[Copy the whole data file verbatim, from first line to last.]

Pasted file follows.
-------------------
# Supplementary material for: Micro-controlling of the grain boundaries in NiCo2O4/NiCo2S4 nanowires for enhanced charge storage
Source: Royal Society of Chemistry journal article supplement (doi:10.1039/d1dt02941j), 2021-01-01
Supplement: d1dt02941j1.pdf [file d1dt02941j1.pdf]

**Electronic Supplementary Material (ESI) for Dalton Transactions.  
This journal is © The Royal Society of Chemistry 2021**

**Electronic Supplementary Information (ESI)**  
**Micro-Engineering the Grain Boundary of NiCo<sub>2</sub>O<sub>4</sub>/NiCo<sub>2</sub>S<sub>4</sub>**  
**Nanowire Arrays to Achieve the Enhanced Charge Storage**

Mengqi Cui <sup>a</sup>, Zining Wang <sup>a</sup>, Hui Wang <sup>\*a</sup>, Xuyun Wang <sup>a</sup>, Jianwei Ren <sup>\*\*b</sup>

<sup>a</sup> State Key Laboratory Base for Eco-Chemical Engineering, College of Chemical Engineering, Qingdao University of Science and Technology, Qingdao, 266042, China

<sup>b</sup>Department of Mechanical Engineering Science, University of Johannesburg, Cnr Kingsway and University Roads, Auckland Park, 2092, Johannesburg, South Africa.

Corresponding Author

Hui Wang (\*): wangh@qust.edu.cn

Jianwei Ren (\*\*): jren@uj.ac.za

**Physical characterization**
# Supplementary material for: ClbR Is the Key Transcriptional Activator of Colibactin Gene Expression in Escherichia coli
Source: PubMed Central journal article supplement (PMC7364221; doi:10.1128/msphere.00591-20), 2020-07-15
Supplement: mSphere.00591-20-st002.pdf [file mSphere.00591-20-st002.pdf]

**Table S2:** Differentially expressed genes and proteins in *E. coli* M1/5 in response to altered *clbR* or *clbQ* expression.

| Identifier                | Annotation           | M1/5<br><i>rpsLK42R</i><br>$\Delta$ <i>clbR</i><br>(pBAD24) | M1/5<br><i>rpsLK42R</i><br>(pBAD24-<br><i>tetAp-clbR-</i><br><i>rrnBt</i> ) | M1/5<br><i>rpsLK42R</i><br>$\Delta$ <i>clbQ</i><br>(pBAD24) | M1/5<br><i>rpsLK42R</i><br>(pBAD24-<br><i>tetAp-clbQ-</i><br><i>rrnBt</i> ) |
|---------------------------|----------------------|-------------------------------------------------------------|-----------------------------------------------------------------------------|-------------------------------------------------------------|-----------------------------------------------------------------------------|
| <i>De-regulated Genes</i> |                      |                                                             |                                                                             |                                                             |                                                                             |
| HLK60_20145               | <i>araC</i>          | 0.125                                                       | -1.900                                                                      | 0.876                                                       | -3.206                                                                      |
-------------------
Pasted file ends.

# Supplementary material for: Micro-controlling of the grain boundaries in NiCo2O4/NiCo2S4 nanowires for enhanced charge storage
Source: Royal Society of Chemistry journal article supplement (doi:10.1039/d1dt02941j), 2021-01-01
Supplement: d1dt02941j1.pdf [file d1dt02941j1.pdf]

**Electronic Supplementary Material (ESI) for Dalton Transactions.  
This journal is © The Royal Society of Chemistry 2021**

**Electronic Supplementary Information (ESI)**  
**Micro-Engineering the Grain Boundary of NiCo<sub>2</sub>O<sub>4</sub>/NiCo<sub>2</sub>S<sub>4</sub>**  
**Nanowire Arrays to Achieve the Enhanced Charge Storage**

Mengqi Cui <sup>a</sup>, Zining Wang <sup>a</sup>, Hui Wang <sup>\*a</sup>, Xuyun Wang <sup>a</sup>, Jianwei Ren <sup>\*\*b</sup>

<sup>a</sup> State Key Laboratory Base for Eco-Chemical Engineering, College of Chemical Engineering, Qingdao University of Science and Technology, Qingdao, 266042, China

<sup>b</sup>Department of Mechanical Engineering Science, University of Johannesburg, Cnr Kingsway and University Roads, Auckland Park, 2092, Johannesburg, South Africa.

Corresponding Author

Hui Wang (\*): wangh@qust.edu.cn

Jianwei Ren (\*\*): jren@uj.ac.za

**Physical characterization**
# Supplementary material for: ClbR Is the Key Transcriptional Activator of Colibactin Gene Expression in Escherichia coli
Source: PubMed Central journal article supplement (PMC7364221; doi:10.1128/msphere.00591-20), 2020-07-15
Supplement: mSphere.00591-20-st002.pdf [file mSphere.00591-20-st002.pdf]

**Table S2:** Differentially expressed genes and proteins in *E. coli* M1/5 in response to altered *clbR* or *clbQ* expression.

| Identifier                | Annotation           | M1/5<br><i>rpsLK42R</i><br>$\Delta$ <i>clbR</i><br>(pBAD24) | M1/5<br><i>rpsLK42R</i><br>(pBAD24-<br><i>tetAp-clbR-</i><br><i>rrnBt</i> ) | M1/5<br><i>rpsLK42R</i><br>$\Delta$ <i>clbQ</i><br>(pBAD24) | M1/5<br><i>rpsLK42R</i><br>(pBAD24-<br><i>tetAp-clbQ-</i><br><i>rrnBt</i> ) |
|---------------------------|----------------------|-------------------------------------------------------------|-----------------------------------------------------------------------------|-------------------------------------------------------------|-----------------------------------------------------------------------------|
| <i>De-regulated Genes</i> |                      |                                                             |                                                                             |                                                             |                                                                             |
| HLK60_20145               | <i>araC</i>          | 0.125                                                       | -1.900                                                                      | 0.876                                                       | -3.206                                                                      |